A technical squad:
Every fourth technical squad with a staff sergeant replacing the sergeant to form a technical platoon, and every third technical platoon with a master sergeant replacing the staff sergeant to form a technical support company: tech support companies are administrative concepts that align with a combat unit company, one tech squad per BattleMech or combat vehicle.
An infantry fireteam:
Soldier (private or specialist)
Soldier (private or specialist)
Two of those, with a sergeant replacing one of the corporals, to form an infantry squad. 3-4 of those, with a staff sergeant replacing one of the sergeants, to form a platoon. One fireteam is normally replaced with a lieutenant and two specialists for an HQ element.
A scout-sniper squad (reinforced)
Soldier (gunnery sergeant)
A scout-sniper squad contains two reinforced fireteams of two pairs of scout/snipers, led by a gunnery sergeant specialist leader. Deployed at the squad level to be a mercenary unit’s hidden eyes, ears, and occasional hand of the gods, a scout-sniper squad is often outfitted with camo/IR sneaksuits and the most powerful weapons, deployed by specially-configured Karnov UR gunships.
A Brutus Assault Tank
Asst driver (private)
Asst gunner (private)
A five-person battle tank crew fights, lives, and if necessary dies often as a unit. Whether the asst driver acts in that role, or as a sensor operator, or if the asst gunner act as an autoloader troubleshooter, is up to the sergeant-commander. Many aggressive mercenary tank commanders choose to act as their own gunners.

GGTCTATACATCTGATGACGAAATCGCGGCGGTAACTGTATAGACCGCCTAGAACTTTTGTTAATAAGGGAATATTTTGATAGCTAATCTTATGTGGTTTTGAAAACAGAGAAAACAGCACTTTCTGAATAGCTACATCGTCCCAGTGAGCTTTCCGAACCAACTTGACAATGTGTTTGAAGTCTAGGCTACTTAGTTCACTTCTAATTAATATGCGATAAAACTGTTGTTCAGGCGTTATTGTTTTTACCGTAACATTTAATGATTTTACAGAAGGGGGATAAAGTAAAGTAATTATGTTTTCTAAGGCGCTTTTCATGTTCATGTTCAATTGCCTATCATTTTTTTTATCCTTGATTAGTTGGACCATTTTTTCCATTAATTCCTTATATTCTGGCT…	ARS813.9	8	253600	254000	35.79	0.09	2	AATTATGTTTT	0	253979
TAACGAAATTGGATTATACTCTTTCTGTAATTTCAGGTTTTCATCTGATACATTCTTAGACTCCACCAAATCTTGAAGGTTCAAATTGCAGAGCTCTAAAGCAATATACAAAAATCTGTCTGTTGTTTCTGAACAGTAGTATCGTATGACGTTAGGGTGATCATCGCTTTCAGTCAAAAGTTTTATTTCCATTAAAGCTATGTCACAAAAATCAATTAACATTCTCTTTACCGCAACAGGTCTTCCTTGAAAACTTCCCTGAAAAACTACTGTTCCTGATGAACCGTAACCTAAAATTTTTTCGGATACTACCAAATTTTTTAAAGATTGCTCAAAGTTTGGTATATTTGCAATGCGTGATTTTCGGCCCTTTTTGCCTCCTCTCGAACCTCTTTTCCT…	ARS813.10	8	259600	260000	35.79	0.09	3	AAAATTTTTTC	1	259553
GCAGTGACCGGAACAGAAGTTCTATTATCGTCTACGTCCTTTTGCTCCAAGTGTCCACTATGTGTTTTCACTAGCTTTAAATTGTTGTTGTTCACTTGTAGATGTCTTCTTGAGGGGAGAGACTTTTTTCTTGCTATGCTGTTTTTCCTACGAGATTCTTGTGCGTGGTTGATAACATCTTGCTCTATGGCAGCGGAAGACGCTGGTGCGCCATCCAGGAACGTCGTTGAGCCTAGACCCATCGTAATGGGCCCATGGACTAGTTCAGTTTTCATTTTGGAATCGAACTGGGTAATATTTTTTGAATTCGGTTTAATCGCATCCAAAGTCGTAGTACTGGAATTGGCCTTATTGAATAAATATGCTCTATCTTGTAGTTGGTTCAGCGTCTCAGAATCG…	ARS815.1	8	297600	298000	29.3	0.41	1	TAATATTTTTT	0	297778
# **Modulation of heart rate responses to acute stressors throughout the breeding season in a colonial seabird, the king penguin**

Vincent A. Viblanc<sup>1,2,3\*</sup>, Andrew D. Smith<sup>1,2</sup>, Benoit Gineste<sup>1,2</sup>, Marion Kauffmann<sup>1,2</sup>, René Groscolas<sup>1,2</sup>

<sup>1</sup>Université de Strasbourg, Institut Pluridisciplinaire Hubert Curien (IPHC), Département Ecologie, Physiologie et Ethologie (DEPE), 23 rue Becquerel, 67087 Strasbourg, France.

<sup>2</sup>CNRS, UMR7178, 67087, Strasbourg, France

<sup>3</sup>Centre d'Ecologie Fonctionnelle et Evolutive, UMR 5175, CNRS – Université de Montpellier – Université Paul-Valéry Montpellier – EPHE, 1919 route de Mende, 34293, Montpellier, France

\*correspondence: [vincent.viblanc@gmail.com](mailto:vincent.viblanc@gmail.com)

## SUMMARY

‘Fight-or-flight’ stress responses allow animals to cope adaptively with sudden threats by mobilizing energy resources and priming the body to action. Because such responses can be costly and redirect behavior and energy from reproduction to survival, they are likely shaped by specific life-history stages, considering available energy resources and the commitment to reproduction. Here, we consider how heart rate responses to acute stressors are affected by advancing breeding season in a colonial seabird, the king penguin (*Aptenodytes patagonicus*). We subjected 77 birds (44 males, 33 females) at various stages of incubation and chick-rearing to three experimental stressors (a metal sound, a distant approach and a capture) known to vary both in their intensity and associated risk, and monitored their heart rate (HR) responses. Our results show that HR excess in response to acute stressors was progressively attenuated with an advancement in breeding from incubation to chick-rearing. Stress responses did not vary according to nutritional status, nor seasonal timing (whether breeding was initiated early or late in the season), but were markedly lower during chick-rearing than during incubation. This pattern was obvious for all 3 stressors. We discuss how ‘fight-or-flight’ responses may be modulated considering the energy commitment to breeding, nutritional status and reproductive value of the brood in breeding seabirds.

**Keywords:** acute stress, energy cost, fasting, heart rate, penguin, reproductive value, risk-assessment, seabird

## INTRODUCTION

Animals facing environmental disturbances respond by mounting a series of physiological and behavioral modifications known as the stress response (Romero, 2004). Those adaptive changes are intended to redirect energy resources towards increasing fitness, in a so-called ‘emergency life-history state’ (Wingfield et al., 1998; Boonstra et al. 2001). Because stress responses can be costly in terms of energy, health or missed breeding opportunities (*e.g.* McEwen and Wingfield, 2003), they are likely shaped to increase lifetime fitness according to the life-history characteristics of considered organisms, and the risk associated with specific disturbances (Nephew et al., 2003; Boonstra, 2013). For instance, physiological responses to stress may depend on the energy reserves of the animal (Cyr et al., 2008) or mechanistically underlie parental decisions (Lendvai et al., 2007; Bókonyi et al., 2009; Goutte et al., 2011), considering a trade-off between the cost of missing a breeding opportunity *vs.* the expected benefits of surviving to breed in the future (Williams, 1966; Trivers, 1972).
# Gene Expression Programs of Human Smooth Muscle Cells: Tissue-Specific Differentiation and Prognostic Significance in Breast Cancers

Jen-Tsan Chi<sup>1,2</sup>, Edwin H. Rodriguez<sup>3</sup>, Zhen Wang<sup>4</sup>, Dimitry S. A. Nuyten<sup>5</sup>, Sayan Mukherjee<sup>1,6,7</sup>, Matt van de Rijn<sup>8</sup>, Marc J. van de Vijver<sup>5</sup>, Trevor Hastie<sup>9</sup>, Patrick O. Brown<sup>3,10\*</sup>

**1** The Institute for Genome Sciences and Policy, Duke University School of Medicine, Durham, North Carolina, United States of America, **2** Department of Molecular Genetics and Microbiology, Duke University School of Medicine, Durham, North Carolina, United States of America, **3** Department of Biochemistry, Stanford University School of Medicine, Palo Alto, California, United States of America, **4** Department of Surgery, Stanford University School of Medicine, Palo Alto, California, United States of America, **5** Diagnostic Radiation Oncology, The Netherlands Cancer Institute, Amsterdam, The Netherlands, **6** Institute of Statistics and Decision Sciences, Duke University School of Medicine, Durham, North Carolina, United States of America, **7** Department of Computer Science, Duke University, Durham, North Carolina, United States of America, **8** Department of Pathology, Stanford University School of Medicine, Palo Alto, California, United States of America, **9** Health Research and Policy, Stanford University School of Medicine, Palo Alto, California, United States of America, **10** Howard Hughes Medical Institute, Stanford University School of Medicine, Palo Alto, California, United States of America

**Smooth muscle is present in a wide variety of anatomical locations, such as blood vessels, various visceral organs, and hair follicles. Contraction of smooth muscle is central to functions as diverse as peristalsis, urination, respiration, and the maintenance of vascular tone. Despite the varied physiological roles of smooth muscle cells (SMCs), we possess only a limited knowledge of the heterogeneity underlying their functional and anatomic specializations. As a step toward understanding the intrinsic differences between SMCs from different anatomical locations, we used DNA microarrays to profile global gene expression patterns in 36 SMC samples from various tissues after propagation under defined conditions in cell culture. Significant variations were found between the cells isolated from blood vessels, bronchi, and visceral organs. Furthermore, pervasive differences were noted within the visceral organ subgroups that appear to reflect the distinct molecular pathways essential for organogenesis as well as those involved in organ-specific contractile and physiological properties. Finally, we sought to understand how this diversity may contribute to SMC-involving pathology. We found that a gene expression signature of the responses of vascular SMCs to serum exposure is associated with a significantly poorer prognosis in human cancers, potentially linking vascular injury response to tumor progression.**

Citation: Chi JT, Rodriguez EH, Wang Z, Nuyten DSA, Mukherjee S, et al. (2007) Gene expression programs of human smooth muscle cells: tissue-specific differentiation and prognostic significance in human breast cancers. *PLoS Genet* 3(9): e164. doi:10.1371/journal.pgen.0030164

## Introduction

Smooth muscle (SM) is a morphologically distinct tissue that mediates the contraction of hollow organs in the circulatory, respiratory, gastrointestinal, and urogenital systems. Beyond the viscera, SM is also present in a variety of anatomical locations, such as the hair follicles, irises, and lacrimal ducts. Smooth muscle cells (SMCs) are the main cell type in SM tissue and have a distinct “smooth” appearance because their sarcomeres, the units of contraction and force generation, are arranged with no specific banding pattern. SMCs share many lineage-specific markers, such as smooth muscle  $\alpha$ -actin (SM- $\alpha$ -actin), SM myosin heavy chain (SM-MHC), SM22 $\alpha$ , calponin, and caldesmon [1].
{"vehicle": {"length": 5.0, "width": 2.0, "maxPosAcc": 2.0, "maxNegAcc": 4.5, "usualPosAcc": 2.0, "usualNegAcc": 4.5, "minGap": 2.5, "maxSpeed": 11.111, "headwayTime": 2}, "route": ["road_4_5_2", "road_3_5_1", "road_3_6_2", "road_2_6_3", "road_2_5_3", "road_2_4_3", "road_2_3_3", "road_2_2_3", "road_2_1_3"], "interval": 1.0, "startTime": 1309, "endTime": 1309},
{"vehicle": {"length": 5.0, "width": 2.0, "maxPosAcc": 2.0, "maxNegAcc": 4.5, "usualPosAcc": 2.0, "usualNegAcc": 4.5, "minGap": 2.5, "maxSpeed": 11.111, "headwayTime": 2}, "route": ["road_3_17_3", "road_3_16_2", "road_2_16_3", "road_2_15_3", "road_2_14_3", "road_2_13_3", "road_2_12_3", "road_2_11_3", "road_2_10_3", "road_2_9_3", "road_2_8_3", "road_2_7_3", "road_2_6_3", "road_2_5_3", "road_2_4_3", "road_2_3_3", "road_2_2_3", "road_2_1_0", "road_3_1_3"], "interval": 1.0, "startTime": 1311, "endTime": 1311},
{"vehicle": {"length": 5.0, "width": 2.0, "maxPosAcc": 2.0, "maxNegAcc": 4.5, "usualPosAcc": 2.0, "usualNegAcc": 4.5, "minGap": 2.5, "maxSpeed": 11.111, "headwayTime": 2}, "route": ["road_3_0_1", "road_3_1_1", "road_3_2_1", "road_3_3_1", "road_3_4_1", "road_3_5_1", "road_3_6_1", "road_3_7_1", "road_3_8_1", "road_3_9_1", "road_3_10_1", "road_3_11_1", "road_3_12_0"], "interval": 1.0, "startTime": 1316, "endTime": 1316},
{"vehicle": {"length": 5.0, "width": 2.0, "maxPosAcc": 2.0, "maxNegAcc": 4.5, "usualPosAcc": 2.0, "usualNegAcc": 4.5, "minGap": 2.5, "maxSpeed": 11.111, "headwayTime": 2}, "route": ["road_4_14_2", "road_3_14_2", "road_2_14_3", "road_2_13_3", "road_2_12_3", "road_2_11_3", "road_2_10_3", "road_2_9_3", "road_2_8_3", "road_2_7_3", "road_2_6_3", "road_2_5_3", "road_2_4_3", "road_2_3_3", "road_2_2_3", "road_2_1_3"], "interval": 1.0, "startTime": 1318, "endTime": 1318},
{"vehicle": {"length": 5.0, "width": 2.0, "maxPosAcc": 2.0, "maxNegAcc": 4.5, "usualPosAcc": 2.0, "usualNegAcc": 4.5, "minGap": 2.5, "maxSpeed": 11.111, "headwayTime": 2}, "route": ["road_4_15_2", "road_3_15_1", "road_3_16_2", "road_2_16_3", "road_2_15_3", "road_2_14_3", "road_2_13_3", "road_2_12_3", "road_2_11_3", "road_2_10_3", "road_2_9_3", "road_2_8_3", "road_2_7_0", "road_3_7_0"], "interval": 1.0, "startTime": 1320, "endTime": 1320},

Why Does Anyone Care?
For most players of the game, all of this detail doesn’t matter. At all. And that’s fine.
But for me, the writer who has to turn an on-paper mercenary company into living, breathing, interesting humans that people want to read about, I need to know how the pieces fit together so I can make it consistent and believable. People as characters are products of the environment in which they live, and hierarchy is a critical component of the environment.
Is my way the only right way? Of course not.
Many excellent writers have told many excellent stories using the out-of-the-book rank systems. Myself, I’m apt to use the AFFS officer ranks, but that system is woefully lacking in enlisted ranks, which is just plain ridiculous for the supposedly-ultra-professional Inner Sphere military, but that’s an argument for another day.
If you ever need to care about the minutiae of a mercenary regiment’s organization, maybe this will be a guide. And if not, well, I got the dopamine hit of writing it all down.